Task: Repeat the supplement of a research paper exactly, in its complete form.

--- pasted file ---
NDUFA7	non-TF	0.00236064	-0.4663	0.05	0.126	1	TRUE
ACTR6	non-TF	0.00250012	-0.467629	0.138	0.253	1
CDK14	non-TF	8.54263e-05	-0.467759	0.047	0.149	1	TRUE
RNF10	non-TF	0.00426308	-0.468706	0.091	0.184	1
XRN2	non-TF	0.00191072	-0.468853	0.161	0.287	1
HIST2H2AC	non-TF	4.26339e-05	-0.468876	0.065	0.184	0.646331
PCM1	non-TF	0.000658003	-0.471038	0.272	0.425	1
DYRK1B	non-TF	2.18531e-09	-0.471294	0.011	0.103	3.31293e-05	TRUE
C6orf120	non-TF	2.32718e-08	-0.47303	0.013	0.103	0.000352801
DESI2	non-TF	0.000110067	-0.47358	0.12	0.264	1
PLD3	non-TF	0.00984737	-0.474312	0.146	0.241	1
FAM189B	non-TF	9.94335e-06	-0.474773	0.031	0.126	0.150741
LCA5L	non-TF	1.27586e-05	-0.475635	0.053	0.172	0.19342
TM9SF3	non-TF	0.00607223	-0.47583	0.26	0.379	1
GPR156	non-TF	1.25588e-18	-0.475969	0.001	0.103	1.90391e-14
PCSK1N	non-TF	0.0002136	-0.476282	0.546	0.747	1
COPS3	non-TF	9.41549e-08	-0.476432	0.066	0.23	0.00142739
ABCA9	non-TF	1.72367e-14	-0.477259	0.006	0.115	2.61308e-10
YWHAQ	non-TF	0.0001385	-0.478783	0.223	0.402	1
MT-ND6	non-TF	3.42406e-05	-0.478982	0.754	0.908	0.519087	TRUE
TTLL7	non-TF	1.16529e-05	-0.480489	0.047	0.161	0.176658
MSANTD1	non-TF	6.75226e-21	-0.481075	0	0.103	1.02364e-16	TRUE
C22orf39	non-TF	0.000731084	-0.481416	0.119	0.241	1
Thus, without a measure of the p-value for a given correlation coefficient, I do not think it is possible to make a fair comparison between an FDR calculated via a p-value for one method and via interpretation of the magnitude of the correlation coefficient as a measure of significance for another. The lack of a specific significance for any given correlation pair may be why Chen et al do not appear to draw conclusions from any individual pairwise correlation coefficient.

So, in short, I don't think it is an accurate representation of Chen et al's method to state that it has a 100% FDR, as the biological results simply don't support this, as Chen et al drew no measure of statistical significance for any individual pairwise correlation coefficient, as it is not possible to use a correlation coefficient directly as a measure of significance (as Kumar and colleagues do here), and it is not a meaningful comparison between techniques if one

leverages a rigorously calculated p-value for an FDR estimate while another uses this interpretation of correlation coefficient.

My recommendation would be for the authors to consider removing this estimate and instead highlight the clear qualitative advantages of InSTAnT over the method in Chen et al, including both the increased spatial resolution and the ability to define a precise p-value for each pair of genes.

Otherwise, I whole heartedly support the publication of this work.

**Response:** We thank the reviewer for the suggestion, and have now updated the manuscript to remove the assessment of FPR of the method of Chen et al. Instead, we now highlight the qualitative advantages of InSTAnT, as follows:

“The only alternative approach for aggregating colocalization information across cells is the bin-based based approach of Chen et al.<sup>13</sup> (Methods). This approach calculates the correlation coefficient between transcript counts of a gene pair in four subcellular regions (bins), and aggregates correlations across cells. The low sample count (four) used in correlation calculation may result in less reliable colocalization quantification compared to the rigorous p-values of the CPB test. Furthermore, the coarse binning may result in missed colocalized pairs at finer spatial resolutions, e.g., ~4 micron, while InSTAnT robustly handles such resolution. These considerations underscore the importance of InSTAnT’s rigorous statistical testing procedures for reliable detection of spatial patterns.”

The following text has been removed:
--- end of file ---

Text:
NDUFA7	non-TF	0.00236064	-0.4663	0.05	0.126	1	TRUE
ACTR6	non-TF	0.00250012	-0.467629	0.138	0.253	1
CDK14	non-TF	8.54263e-05	-0.467759	0.047	0.149	1	TRUE
RNF10	non-TF	0.00426308	-0.468706	0.091	0.184	1
XRN2	non-TF	0.00191072	-0.468853	0.161	0.287	1
HIST2H2AC	non-TF	4.26339e-05	-0.468876	0.065	0.184	0.646331
PCM1	non-TF	0.000658003	-0.471038	0.272	0.425	1
DYRK1B	non-TF	2.18531e-09	-0.471294	0.011	0.103	3.31293e-05	TRUE
C6orf120	non-TF	2.32718e-08	-0.47303	0.013	0.103	0.000352801
DESI2	non-TF	0.000110067	-0.47358	0.12	0.264	1
PLD3	non-TF	0.00984737	-0.474312	0.146	0.241	1
FAM189B	non-TF	9.94335e-06	-0.474773	0.031	0.126	0.150741
LCA5L	non-TF	1.27586e-05	-0.475635	0.053	0.172	0.19342
TM9SF3	non-TF	0.00607223	-0.47583	0.26	0.379	1
GPR156	non-TF	1.25588e-18	-0.475969	0.001	0.103	1.90391e-14
PCSK1N	non-TF	0.0002136	-0.476282	0.546	0.747	1
COPS3	non-TF	9.41549e-08	-0.476432	0.066	0.23	0.00142739
ABCA9	non-TF	1.72367e-14	-0.477259	0.006	0.115	2.61308e-10
YWHAQ	non-TF	0.0001385	-0.478783	0.223	0.402	1
MT-ND6	non-TF	3.42406e-05	-0.478982	0.754	0.908	0.519087	TRUE
TTLL7	non-TF	1.16529e-05	-0.480489	0.047	0.161	0.176658
MSANTD1	non-TF	6.75226e-21	-0.481075	0	0.103	1.02364e-16	TRUE
C22orf39	non-TF	0.000731084	-0.481416	0.119	0.241	1
Thus, without a measure of the p-value for a given correlation coefficient, I do not think it is possible to make a fair comparison between an FDR calculated via a p-value for one method and via interpretation of the magnitude of the correlation coefficient as a measure of significance for another. The lack of a specific significance for any given correlation pair may be why Chen et al do not appear to draw conclusions from any individual pairwise correlation coefficient.

So, in short, I don't think it is an accurate representation of Chen et al's method to state that it has a 100% FDR, as the biological results simply don't support this, as Chen et al drew no measure of statistical significance for any individual pairwise correlation coefficient, as it is not possible to use a correlation coefficient directly as a measure of significance (as Kumar and colleagues do here), and it is not a meaningful comparison between techniques if one

leverages a rigorously calculated p-value for an FDR estimate while another uses this interpretation of correlation coefficient.

My recommendation would be for the authors to consider removing this estimate and instead highlight the clear qualitative advantages of InSTAnT over the method in Chen et al, including both the increased spatial resolution and the ability to define a precise p-value for each pair of genes.

Otherwise, I whole heartedly support the publication of this work.

**Response:** We thank the reviewer for the suggestion, and have now updated the manuscript to remove the assessment of FPR of the method of Chen et al. Instead, we now highlight the qualitative advantages of InSTAnT, as follows:

“The only alternative approach for aggregating colocalization information across cells is the bin-based based approach of Chen et al.<sup>13</sup> (Methods). This approach calculates the correlation coefficient between transcript counts of a gene pair in four subcellular regions (bins), and aggregates correlations across cells. The low sample count (four) used in correlation calculation may result in less reliable colocalization quantification compared to the rigorous p-values of the CPB test. Furthermore, the coarse binning may result in missed colocalized pairs at finer spatial resolutions, e.g., ~4 micron, while InSTAnT robustly handles such resolution. These considerations underscore the importance of InSTAnT’s rigorous statistical testing procedures for reliable detection of spatial patterns.”

The following text has been removed: